Take the 2-minute tour ×
Stack Overflow is a question and answer site for professional and enthusiast programmers. It's 100% free.

So I'm writing a program in Python to get the GCD of any amount of numbers.

def GCD(numbers):

    if numbers[-1] == 0:
        return numbers[0]

    # i'm stuck here, this is wrong
    for i in range(len(numbers)-1):
        print GCD([numbers[i+1], numbers[i] % numbers[i+1]])

print GCD(30, 40, 36)

The function takes a list of numbers. This should print 2. However, I don't understand how to use the the algorithm recursively so it can handle multiple numbers. Can someone explain?

updated, still not working:

def GCD(numbers):

    if numbers[-1] == 0:
        return numbers[0]

    gcd = 0

    for i in range(len(numbers)):
        gcd = GCD([numbers[i+1], numbers[i] % numbers[i+1]])
        gcdtemp = GCD([gcd, numbers[i+2]])
        gcd = gcdtemp

    return gcd

Ok, solved it

def GCD(a, b):

    if b == 0:
        return a
        return GCD(b, a % b)

and then use reduce, like

reduce(GCD, (30, 40, 36))
share|improve this question
your first problem that I notice is that you will need to sort the list so that the smallest element is the last –  Joran Beasley May 18 '13 at 19:22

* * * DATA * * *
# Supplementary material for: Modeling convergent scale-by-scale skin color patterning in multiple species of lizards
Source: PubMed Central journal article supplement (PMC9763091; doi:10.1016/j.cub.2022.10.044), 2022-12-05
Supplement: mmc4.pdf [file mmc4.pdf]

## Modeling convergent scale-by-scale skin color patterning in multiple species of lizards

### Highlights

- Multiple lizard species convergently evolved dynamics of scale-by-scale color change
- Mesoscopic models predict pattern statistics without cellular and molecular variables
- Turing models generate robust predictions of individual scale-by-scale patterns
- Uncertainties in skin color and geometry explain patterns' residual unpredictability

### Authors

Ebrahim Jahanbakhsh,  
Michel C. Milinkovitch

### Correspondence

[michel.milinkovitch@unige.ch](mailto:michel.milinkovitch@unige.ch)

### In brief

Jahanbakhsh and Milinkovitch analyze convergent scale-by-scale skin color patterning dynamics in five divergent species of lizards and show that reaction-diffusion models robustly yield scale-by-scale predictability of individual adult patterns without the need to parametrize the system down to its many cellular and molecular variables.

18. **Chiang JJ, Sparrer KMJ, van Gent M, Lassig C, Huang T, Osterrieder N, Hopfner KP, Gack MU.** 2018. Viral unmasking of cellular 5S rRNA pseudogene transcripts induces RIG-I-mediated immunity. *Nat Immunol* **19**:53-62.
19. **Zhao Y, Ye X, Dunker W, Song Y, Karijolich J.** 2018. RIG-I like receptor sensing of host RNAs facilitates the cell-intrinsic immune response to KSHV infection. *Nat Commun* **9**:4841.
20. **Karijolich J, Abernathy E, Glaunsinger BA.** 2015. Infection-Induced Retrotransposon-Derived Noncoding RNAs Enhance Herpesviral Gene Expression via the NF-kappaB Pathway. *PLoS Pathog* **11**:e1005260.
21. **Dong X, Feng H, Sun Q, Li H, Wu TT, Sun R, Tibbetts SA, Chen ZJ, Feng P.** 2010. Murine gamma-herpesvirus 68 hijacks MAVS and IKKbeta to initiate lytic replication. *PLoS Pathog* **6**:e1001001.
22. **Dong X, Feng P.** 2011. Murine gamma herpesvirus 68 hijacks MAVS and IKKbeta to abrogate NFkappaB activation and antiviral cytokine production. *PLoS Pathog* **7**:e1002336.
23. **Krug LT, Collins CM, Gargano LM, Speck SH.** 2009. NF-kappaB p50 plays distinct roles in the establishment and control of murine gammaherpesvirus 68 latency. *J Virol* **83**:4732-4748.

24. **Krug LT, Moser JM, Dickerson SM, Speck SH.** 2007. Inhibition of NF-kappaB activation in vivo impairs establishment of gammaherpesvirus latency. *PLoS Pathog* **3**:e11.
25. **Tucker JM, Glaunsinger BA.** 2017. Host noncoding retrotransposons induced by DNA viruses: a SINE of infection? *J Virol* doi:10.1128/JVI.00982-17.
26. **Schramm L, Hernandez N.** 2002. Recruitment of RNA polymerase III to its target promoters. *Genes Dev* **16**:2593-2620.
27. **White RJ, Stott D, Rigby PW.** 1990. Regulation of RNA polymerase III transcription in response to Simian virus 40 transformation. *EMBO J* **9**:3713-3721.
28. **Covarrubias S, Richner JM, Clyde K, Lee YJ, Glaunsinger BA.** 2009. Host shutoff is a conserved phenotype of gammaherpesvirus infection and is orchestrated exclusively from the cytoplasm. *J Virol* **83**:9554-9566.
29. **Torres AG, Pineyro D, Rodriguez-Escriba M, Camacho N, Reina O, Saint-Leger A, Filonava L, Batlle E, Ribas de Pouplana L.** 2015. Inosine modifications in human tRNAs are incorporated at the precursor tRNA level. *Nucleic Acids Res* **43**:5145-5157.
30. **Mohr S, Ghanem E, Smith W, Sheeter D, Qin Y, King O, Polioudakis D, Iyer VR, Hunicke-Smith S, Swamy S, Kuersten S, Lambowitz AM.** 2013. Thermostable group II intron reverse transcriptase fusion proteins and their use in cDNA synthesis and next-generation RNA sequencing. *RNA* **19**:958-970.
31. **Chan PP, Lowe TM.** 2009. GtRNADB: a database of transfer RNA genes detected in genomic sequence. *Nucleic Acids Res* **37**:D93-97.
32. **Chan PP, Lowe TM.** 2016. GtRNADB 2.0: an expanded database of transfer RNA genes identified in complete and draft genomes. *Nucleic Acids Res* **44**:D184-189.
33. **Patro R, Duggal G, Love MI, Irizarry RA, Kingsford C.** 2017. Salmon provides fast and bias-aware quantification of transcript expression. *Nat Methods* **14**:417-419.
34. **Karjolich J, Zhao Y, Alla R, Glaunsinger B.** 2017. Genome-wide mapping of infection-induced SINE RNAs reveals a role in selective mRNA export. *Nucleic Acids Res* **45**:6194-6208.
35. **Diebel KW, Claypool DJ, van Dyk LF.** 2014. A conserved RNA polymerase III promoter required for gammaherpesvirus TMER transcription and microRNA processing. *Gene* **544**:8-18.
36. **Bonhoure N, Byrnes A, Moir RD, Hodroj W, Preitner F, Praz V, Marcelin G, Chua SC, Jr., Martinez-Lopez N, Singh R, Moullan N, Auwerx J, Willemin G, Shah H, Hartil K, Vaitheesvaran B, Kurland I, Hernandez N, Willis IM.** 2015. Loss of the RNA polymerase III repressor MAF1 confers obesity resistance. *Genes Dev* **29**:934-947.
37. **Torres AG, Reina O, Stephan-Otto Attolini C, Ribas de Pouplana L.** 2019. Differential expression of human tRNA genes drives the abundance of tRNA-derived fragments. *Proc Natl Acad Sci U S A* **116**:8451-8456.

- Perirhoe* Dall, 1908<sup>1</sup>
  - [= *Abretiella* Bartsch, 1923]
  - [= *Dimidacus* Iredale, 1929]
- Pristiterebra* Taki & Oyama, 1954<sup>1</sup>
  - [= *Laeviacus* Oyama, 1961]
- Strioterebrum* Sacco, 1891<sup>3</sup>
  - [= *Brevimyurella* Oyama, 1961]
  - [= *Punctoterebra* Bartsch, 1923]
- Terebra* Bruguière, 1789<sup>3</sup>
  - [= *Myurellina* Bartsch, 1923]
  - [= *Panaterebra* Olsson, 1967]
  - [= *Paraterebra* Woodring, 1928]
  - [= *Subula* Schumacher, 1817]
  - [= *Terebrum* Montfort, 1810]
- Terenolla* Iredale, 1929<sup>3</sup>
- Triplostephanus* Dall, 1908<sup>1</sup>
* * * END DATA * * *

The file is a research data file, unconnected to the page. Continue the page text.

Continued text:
Not sure if duplicate or just related: Computing greatest common denominator in python –  Oleh Prypin May 18 '13 at 19:26
just fyi if you can do it with iterative instead of recurse it would probably be faster and able to handle larger values ... recursion of undefined depth can be a little sketchy in python –  Joran Beasley May 18 '13 at 20:10

5 Answers 5

up vote 5 down vote accepted

Since GCD is associative, GCD(a,b,c,d) is the same as GCD(GCD(GCD(a,b),c),d). In this case, Python's reduce function would be a good candidate for reducing the cases for which len(numbers) > 2 to a simple 2-number comparison. The code would look something like this:

if len(numbers) > 2:
    return reduce(lambda x,y: GCD([x,y]), numbers)

Reduce applies the given function to each element in the list, so that something like

gcd = reduce(lambda x,y:GCD([x,y]),[a,b,c,d])

is the same as doing

gcd = GCD(a,b)
gcd = GCD(gcd,c)
gcd = GCD(gcd,d)

Now the only thing left is to code for when len(numbers) <= 2. Passing only two arguments to GCD in reduce ensures that your function recurses at most once (since len(numbers) > 2 only in the original call), which has the additional benefit of never overflowing the stack.

share|improve this answer

You can use reduce:

>>> from fractions import gcd
>>> reduce(gcd,(30,40,60))

which is equivalent to;

>>> lis = (30,40,60,70)
>>> res = gcd(*lis[:2])  #get the gcd of first two numbers
>>> for x in lis[2:]:    #now iterate over the list starting from the 3rd element
...    res = gcd(res,x)

>>> res

help on reduce:

>>> reduce?
Type:       builtin_function_or_method
reduce(function, sequence[, initial]) -> value

Apply a function of two arguments cumulatively to the items of a sequence,
from left to right, so as to reduce the sequence to a single value.
For example, reduce(lambda x, y: x+y, [1, 2, 3, 4, 5]) calculates
((((1+2)+3)+4)+5).  If initial is present, it is placed before the items